North American Clinical Trials Network (NACTN)
The Reeve Foundation's Neurological Outcomes Assessments (NOA) Task Force, an integral part of the North American Clinical Trials Network (NACTN), has begun the much-needed work to develop, test and validate improved outcome measures for use in human clinical trials of spinal cord injury.
"Clinical trials and therapies for SCI are being implemented and may be doomed to fail without appropriate outcome measures to demonstrate that the successes in animals can be translated to humans," said NACTN Principal Investigator Robert G. Grossman, M.D. "Our goal is to develop sensitive outcome measures for SCI and to expedite their use clinically."
Grossman added that in the long-term, treatments will probably come in a series, "including therapies directed at neuroprotection, glial scar, modulation of nervous system, regenerative therapy, plasticity therapy and so on. No single approach is likely to have dramatic effects."
ASIA Impairment Scale
The most common outcome assessment tool for SCI in use today is the ASIA Impairment Scale (AIS, from the doctors' group, American Spinal Injury Association). But this test, which measures neurological level of injury, was never meant to be used as an outcome measurement. It's not sensitive enough.
"Manual muscle testing in the AIS likely won't detect small changes that occur after a therapy," said Susan Harkema, Ph.D., from the University of Louisville and co-chair of the Task Force. Many of the therapies headed for clinical trial won't result in something as easy to spot as say, walking. "The worst thing that could happen is that an intervention could be successful and not show up on the measurement scales we have now."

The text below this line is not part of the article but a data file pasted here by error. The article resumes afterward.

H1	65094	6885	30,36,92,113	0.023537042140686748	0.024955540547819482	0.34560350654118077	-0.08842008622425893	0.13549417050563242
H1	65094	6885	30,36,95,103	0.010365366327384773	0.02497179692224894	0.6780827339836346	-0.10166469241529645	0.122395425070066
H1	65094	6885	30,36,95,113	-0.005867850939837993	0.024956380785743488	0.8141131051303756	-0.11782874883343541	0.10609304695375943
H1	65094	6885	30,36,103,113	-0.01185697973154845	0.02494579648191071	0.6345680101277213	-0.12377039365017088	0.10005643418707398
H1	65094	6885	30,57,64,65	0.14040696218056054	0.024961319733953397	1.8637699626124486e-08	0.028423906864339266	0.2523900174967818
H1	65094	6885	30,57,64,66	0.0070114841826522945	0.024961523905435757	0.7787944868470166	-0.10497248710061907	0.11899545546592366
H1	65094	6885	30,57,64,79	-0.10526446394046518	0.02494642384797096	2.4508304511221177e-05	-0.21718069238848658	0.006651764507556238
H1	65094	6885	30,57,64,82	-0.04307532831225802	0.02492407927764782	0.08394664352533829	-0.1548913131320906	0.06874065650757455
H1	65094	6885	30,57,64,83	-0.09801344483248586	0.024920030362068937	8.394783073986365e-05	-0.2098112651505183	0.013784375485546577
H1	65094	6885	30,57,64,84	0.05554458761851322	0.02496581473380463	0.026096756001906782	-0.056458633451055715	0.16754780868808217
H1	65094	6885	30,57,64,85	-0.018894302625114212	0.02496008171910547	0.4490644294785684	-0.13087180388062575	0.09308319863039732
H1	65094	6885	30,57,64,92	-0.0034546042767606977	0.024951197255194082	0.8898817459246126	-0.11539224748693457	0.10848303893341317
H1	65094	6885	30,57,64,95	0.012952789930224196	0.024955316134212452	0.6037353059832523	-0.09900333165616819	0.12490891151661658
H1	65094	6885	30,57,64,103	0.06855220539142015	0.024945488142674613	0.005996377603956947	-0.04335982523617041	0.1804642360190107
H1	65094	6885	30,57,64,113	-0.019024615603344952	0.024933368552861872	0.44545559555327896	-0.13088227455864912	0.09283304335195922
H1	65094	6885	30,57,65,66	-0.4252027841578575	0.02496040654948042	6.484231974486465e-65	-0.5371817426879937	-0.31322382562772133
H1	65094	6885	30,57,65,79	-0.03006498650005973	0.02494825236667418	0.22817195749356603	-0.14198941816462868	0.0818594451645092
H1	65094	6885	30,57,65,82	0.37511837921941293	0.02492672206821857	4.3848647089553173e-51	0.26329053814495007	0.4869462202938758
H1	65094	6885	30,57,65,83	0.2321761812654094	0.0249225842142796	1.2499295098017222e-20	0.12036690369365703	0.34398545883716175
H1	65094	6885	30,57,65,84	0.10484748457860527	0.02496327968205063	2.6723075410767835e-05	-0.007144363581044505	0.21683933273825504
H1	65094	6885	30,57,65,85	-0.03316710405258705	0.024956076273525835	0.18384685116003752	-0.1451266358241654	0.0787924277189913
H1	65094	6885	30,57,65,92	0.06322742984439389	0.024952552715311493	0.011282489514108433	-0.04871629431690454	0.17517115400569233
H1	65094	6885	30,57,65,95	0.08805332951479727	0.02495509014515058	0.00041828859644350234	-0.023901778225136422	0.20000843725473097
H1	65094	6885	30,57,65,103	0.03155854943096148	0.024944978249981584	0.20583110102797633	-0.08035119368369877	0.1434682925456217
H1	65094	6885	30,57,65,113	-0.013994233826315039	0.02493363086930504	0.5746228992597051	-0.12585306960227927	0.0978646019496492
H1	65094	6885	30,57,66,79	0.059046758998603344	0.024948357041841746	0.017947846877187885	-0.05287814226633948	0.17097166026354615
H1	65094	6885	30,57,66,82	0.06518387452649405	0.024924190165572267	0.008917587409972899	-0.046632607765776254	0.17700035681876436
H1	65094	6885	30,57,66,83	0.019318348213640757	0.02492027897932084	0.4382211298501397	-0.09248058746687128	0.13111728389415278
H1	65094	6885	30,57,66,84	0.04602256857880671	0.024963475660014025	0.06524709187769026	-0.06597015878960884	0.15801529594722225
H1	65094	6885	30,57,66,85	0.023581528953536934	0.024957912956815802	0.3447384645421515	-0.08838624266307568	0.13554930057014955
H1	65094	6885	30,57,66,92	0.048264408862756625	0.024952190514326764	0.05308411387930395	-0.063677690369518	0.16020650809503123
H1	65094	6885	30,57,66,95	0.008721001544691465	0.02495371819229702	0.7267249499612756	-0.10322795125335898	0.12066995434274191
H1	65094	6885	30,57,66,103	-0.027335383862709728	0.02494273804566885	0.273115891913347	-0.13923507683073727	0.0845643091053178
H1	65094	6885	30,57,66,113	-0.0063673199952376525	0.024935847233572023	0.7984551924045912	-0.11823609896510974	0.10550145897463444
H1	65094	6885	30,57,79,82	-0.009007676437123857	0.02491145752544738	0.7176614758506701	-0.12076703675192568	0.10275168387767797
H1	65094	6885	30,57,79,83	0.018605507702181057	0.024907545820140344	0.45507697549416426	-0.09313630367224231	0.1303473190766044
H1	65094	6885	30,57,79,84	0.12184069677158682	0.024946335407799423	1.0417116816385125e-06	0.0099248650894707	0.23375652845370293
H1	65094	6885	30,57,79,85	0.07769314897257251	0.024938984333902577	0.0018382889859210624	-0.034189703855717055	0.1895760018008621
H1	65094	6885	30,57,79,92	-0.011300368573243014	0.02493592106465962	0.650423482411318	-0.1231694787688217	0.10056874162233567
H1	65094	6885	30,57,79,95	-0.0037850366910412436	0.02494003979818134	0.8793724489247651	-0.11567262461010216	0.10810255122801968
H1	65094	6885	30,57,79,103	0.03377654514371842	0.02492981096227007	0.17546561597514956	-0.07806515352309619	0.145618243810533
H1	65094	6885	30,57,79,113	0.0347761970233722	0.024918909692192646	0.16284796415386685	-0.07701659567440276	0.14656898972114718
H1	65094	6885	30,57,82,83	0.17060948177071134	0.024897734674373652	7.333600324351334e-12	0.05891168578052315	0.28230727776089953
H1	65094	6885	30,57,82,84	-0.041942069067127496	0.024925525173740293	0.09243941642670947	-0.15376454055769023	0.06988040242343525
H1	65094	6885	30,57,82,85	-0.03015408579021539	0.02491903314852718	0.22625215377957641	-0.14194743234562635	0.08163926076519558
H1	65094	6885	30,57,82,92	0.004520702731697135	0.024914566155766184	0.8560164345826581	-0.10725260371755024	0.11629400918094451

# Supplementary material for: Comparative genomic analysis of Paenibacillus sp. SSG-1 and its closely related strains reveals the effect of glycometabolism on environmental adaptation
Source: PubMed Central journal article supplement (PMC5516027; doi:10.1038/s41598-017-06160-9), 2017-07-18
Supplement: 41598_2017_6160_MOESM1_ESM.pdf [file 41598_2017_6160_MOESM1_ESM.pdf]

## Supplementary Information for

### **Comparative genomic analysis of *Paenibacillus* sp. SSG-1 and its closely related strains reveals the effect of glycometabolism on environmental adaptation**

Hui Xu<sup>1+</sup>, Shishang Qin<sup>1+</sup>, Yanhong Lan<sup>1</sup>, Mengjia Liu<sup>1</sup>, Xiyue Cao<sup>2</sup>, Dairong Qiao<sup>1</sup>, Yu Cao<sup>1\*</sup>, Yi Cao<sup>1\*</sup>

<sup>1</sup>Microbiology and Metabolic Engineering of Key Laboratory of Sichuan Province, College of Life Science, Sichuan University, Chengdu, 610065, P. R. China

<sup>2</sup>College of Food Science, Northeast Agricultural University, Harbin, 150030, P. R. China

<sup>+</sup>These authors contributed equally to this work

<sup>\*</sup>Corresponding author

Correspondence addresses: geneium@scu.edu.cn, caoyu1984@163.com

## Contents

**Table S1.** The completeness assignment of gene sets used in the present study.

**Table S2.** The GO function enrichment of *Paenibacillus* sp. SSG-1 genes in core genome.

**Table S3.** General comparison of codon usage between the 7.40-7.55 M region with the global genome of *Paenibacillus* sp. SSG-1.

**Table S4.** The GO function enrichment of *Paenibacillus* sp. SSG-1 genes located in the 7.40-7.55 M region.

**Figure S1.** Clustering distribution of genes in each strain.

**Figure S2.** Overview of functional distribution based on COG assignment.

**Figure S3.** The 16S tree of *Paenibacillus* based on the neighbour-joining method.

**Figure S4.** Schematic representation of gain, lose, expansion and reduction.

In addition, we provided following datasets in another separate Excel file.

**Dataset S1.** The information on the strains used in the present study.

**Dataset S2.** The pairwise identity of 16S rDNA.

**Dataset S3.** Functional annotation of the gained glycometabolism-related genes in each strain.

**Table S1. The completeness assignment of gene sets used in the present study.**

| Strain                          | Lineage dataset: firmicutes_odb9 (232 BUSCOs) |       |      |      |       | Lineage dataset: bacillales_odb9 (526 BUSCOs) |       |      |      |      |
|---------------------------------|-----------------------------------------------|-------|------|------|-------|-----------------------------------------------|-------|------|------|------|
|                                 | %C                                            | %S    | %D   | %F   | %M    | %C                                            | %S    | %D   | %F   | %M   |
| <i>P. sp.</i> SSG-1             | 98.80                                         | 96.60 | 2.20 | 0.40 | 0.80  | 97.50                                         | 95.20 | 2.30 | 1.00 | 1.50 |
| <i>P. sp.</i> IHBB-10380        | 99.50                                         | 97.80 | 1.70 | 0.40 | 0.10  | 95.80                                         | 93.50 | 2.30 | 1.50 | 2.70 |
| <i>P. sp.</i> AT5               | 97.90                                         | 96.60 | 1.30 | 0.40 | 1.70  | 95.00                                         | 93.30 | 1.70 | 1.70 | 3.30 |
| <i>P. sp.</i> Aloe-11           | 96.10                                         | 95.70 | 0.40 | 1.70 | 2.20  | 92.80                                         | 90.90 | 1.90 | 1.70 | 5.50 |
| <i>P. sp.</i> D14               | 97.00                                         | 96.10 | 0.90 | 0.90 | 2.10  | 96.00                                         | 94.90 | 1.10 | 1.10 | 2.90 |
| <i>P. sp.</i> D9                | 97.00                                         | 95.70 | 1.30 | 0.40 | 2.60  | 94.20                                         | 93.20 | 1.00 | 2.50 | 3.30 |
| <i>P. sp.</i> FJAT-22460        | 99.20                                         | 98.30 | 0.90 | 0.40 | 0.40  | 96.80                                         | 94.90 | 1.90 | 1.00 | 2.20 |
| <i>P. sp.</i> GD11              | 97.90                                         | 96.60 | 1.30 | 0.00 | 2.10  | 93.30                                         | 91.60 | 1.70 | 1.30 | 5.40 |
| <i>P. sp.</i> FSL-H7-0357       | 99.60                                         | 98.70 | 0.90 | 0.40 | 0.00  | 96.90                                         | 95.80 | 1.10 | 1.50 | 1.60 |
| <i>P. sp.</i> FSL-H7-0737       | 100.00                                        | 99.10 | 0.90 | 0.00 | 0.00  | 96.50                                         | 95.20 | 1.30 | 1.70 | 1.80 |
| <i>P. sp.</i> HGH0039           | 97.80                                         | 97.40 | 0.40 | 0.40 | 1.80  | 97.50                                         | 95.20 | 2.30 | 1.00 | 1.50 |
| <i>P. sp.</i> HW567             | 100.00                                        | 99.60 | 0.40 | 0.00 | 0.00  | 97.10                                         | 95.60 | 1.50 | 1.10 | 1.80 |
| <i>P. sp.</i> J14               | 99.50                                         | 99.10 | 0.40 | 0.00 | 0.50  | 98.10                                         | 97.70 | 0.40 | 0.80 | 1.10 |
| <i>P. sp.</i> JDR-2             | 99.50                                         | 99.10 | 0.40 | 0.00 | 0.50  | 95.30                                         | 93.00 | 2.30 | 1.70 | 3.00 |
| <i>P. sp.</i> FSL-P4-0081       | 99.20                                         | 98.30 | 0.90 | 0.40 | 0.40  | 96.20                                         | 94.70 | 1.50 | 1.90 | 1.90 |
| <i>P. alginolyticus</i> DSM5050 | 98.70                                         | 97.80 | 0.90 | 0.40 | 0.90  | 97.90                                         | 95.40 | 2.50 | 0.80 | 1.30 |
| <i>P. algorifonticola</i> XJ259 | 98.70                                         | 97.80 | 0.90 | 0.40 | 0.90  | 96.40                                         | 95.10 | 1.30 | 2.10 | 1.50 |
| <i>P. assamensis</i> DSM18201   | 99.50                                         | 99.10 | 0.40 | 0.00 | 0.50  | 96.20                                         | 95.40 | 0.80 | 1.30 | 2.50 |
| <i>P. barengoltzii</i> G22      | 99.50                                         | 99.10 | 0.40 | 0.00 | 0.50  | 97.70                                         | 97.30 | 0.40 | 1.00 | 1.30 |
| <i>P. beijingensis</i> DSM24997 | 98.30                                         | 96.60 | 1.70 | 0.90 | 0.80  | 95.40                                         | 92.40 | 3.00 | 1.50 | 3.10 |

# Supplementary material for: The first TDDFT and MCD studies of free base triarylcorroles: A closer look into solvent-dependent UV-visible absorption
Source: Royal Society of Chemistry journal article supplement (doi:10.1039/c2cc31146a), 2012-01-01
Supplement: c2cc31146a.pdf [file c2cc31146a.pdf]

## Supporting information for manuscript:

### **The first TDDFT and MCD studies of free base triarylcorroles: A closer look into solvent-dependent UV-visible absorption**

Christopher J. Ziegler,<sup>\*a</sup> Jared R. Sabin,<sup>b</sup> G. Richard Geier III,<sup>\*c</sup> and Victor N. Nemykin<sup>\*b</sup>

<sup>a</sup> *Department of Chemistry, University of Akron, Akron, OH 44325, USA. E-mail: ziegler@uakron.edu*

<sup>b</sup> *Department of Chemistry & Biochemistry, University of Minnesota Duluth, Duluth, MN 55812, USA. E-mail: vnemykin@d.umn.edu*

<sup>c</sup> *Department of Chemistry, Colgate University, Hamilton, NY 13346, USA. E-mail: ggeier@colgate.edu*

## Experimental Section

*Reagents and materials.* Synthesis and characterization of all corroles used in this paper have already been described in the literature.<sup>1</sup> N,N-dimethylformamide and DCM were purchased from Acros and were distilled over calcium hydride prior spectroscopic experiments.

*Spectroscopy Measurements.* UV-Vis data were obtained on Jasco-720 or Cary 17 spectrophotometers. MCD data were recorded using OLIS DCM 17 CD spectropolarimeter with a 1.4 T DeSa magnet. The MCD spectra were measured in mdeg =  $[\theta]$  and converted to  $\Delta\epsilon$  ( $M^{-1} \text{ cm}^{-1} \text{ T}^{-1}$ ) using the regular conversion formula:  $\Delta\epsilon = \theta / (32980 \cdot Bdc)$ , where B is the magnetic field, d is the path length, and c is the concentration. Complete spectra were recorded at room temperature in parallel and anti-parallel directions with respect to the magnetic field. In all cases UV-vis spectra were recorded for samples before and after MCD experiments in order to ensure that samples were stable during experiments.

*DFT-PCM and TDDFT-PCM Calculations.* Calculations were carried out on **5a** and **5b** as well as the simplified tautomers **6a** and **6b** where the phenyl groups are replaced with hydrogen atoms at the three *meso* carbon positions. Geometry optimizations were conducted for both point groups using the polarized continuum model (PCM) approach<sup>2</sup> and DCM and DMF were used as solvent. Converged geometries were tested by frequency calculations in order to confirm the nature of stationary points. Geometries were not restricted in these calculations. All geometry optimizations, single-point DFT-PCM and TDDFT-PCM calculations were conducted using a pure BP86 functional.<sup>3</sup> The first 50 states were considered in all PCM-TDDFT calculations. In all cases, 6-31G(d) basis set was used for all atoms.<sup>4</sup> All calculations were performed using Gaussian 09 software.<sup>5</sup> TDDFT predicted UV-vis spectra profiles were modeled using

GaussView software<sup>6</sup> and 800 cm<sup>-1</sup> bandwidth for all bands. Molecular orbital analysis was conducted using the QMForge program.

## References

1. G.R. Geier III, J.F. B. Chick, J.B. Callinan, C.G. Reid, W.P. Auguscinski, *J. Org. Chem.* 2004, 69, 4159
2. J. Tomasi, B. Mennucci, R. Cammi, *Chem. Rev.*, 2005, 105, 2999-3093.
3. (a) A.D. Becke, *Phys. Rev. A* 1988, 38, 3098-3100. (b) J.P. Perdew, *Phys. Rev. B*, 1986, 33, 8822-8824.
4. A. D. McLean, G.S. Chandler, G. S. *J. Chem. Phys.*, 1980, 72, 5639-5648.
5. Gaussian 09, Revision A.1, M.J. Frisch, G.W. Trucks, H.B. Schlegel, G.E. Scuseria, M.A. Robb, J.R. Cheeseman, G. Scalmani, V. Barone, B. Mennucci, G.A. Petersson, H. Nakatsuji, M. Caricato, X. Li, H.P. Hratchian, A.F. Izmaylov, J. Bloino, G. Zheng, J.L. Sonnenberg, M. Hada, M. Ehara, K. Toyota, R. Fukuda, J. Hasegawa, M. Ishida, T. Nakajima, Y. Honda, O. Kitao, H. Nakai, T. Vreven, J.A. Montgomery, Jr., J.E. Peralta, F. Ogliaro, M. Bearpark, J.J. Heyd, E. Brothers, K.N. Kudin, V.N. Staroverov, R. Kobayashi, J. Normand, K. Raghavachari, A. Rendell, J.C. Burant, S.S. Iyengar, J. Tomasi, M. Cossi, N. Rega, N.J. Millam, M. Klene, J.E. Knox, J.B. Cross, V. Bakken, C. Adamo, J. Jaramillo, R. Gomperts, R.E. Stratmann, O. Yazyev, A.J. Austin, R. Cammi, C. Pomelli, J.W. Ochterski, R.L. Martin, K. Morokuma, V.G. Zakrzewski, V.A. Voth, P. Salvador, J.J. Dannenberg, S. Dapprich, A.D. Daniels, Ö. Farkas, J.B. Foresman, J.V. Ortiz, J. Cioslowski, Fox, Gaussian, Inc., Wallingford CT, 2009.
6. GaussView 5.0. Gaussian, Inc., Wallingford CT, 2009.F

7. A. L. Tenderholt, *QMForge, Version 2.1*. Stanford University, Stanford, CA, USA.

Said Susan Howley, Reeve Foundation Executive VP, Research: "NOA is an extremely important initiative of the Foundation. We need reliable and sensitive measures that can detect small, incremental changes in patients."
Goals for the Task Force
The 25-member NOA group, representing experts from Europe, Canada and the United States, has met twice in recent months. The group agreed to pursue two categories of outcome instruments:
- those with the potential to be ready for use in clinical trials in 2010, and
- those that will take longer to develop and validate but have strong potential for accuracy and reliability.
The Task Force also agreed upon broad outcome areas: autonomic function (including measurement of changes in bowel, bladder and sexual function), motor function, pain and sensory response, and quality of life (meaningful changes reported by the patient).
Development of new tools to measure outcomes is a key part of the process. The NOA panel considered, for example, devices to better measure hand strength. "We need good hand function testing," said Harkema. "The AIS doesn't give us a lot of information regarding hand function." One hand-test possibility is a device called GRASSP (Graded Redefined Assessment of Strength, Sensibility, and Prehension), developed by scientists at the Universities of Toronto and Zurich, and partly funded by the Reeve Foundation. Another is QMAD (Quantitative Motor Assessment Device) from the Grossman group in Houston.
Several other ways to assess outcome are being considered, including the use of evoked potentials, myometry (measuring muscle tone), by using video recording over time, and by keeping track of autonomic progression (blood, bowel, bladder and sexual changes) Also, asking the patients the right kinds of questions can help assure better outcome assessment.